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 “A man without any history is like a tree without roots.”  - Malcolm X


The story of Black History Month began half a century after the 13th Amendment abolished slavery in the United States. Recognizing the dearth of information on the accomplishments of Blacks, in 1915, Dr. Carter G. Woodson, a Harvard-trained historian and Rev. Jesse E. Moorland founded the Association for the Study of Negro Life and History, now called the Association for the Study of African American Life and History (ASALH). The organization is dedicated to researching and promoting achievements by Black Americans and other peoples of African descent. The group sponsored a national Negro History Week, choosing the second week of February to coincide with the birthdays of Abraham Lincoln and Frederick Douglass. The event inspired schools and communities nationwide to organize local celebrations, establish history clubs and host performances and lectures.

A man without knowledge of himself and his heritage is like a tree without roots. -Dick Gregory

In the decades that followed, mayors of cities across the country began issuing yearly proclamations recognizing "Negro History Week." By the late 1960s, thanks in part to the Civil Rights Movement, and a growing awareness of Black identity, "Negro History Week" had evolved into Black History Month on many college campuses.

President Gerald Ford officially recognized Black History Month in 1976, calling upon the public to “seize the opportunity to honor the too-often neglected accomplishments of Black Americans in every area of endeavor throughout our history.”

The thing about Black history is that the truth is so much more complex than anything you could make up. - Henry Louis Gates

Yes, there has been progress. Black Americans made significant advances in business, law, education, entertainment, and professional sports. Black homeownership and entrepreneurship have increased as well. There have also been many “firsts” in our history, most notably Barack Obama, America’s first Black President and Kamala Harris, America’s first woman of color Vice President. While we should acknowledge these “firsts,” we must not become complacent or satisfied with the “first” recognition. Recognition should be the norm, not the exception. Black Americans have been elected to offices at all levels of government – federal, state, and local across the country. As if in direct response, however, egregious voter suppression laws have been passed. White supremacists have boldly come out of hiding; gun violence and hate crimes have increased at an alarming rate.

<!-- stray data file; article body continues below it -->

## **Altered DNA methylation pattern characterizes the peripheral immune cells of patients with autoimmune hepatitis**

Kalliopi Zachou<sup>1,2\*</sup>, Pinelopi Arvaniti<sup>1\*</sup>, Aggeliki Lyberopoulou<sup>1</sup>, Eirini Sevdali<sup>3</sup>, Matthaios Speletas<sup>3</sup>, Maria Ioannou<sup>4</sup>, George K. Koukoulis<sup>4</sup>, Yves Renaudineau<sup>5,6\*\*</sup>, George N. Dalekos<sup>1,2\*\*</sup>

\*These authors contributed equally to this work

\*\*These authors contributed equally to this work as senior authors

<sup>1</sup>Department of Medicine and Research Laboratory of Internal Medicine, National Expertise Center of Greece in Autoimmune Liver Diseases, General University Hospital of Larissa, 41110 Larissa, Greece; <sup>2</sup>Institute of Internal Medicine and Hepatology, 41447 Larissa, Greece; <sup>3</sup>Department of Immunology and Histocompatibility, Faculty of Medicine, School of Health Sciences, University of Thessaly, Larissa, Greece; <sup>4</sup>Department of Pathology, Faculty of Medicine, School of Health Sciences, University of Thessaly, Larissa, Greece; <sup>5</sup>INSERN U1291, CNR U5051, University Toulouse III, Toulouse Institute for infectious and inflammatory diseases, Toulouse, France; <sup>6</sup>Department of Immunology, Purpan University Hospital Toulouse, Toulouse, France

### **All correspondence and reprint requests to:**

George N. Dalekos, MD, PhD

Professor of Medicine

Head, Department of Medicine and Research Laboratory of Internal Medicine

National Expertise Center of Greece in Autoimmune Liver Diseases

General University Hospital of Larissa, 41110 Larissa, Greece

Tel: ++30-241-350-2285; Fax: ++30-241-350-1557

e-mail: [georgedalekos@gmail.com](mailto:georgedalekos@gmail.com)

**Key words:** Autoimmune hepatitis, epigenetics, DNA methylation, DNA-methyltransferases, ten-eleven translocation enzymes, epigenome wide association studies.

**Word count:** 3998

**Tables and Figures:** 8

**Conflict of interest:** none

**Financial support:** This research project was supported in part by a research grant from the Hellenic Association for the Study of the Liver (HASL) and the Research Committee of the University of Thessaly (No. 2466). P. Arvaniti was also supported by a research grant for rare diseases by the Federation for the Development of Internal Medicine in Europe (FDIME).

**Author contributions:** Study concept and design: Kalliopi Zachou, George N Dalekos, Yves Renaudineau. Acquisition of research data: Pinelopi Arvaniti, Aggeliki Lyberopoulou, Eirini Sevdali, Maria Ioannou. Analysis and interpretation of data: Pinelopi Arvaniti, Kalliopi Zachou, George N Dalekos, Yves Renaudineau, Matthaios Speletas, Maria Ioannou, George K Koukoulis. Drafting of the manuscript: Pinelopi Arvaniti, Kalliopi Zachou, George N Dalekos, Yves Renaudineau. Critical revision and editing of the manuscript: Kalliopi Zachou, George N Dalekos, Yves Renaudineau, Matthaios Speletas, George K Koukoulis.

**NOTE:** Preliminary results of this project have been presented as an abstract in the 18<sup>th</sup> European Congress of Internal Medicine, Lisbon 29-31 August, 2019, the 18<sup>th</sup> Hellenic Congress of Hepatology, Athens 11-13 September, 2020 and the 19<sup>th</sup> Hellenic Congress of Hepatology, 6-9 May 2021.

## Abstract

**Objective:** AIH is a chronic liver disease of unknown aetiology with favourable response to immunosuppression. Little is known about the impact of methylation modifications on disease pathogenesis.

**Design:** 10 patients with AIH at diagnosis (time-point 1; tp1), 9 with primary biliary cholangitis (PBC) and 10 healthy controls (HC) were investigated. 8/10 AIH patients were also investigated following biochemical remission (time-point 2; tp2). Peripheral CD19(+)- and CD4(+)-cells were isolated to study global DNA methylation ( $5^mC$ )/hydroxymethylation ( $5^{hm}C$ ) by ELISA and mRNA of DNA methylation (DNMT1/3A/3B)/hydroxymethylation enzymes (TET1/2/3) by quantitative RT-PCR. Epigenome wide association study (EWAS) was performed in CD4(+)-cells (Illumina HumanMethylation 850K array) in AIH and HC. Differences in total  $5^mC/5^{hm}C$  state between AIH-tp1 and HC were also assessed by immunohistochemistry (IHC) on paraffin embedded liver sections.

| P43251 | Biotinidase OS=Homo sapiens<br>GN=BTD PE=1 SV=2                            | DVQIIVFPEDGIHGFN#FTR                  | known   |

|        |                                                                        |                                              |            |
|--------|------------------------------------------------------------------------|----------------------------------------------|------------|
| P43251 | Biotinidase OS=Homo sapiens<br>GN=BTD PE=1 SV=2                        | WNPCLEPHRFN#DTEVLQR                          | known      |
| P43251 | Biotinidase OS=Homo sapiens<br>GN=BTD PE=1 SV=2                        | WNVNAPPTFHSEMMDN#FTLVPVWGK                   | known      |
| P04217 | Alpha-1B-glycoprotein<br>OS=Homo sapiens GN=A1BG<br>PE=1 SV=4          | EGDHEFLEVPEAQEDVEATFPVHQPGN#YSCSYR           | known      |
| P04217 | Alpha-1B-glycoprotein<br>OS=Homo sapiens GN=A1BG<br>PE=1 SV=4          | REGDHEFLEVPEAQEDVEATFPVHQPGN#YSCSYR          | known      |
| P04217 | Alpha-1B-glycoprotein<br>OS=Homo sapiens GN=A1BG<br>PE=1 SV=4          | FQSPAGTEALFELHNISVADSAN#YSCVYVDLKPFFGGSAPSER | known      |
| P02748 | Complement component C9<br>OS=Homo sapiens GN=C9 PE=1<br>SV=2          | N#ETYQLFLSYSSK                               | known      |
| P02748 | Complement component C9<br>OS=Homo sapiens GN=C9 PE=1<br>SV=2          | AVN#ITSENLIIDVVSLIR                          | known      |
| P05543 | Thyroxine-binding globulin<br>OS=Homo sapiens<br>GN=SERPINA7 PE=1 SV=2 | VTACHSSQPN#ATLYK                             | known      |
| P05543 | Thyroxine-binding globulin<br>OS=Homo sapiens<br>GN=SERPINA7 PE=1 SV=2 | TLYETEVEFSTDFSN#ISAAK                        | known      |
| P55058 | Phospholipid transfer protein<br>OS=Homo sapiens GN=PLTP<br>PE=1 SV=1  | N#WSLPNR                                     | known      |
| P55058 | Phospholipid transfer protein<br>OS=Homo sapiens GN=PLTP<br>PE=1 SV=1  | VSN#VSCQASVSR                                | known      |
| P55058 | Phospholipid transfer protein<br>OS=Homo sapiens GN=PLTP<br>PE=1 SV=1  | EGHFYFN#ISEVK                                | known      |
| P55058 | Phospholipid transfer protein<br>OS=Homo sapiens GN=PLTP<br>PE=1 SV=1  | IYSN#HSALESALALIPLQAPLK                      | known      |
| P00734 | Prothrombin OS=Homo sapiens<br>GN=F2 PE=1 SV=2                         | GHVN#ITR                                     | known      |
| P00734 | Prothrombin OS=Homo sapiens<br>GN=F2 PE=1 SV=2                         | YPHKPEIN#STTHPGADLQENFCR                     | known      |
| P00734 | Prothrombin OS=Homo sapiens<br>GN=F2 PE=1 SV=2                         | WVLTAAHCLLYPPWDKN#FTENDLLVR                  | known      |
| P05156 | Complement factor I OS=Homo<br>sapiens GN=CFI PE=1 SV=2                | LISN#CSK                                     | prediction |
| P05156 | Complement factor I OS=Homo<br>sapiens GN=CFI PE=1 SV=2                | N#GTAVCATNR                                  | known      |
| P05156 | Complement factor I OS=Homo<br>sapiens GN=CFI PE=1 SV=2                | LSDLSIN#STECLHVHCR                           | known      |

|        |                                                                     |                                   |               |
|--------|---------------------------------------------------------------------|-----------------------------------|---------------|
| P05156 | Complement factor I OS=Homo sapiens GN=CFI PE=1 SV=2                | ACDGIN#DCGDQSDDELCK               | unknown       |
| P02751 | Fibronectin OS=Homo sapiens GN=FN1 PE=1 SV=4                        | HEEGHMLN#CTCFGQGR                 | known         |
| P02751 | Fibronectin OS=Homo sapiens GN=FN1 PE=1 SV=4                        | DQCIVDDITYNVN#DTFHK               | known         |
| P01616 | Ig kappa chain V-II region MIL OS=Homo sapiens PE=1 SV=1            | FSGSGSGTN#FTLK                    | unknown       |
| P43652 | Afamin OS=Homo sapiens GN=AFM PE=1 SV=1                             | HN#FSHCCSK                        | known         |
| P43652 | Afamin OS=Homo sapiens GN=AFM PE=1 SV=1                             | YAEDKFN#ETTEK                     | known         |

The state of Florida has attempted to ban AP (Advance Placement) African American studies because the course, according to the governor, “lacks educational value.”  Florida may be just the tip of the iceberg, opening the door to the enactment of federal laws restricting/prohibiting African American history being taught in schools across America.

White America is attempting to whitewash slavery to assuage their conscience and shield their children from the brutality enslaved people suffered at the hands of their white slave masters.    According to one candidate running for the highest office in our country, “slavery benefitted and helped some African Americans develop skills such as being a blacksmith.” Civil rights leaders, clergy, and politicians have called this outrageous assertion offensive and racist. The Washington Post slammed this candidate’s view noting that “…enslaved Africans were already skilled.” 

Won’t it be wonderful when Black history and Native American history and Jewish history and all of U.S. history is taught from one book. Just U.S. history.   - Maya Angelou  

While campaigning in New Hampshire, another candidate, who is also running for the highest office in the land, could not or would not state that slavery was the root cause of the Civil War.  Ironically and by way of an explanation stated, “it always comes down to the role of government and what the rights of the people are., …they need to make sure that you have freedom.”  Obviously, enslaved people were not part of the population who needed to ensure their freedom.

“A people without the knowledge of their past history, origin and culture is like a tree without roots.” -  New York Essays

The phrase "stay woke" has long been used in Black communities to indicate staying alert to others' deception--especially law enforcement--as a survival mechanism. In 2014 "stay woke" became common usage among Black Lives Matter activists after the police killing of Michael Brown, bringing it into the wider lexicon. In Florida, WOKE is used as an acronym for “Wrongs to Our Kids and Employees.”  The Anti-WOKE law was enacted to combat “woke indoctrination” in Florida businesses and schools by prohibiting instruction that could make some parties feel they bear personal responsibility for historic wrongdoings because of their race, sex, or national origin.  “Stay Woke” has been distorted and turned into an anti-Woke campaign bumper sticker.

Black history (a/k/a American history) is being rewritten. So, what will Black History be like in the future? Will there even be Black History Month? Now, more than ever we must use every tool in the toolbox to stop the forces of evil from stripping away the freedoms so many have worked and died for. We cannot allow the blood, sweat and the tears our ancestral warriors shed to have been in vain. We must not allow our history to be erased from history books. We must not allow the evil plans of some to write our history and dictate our future. We must STAY WOKE & VOTE.





What is, The Future, Black History, Vote


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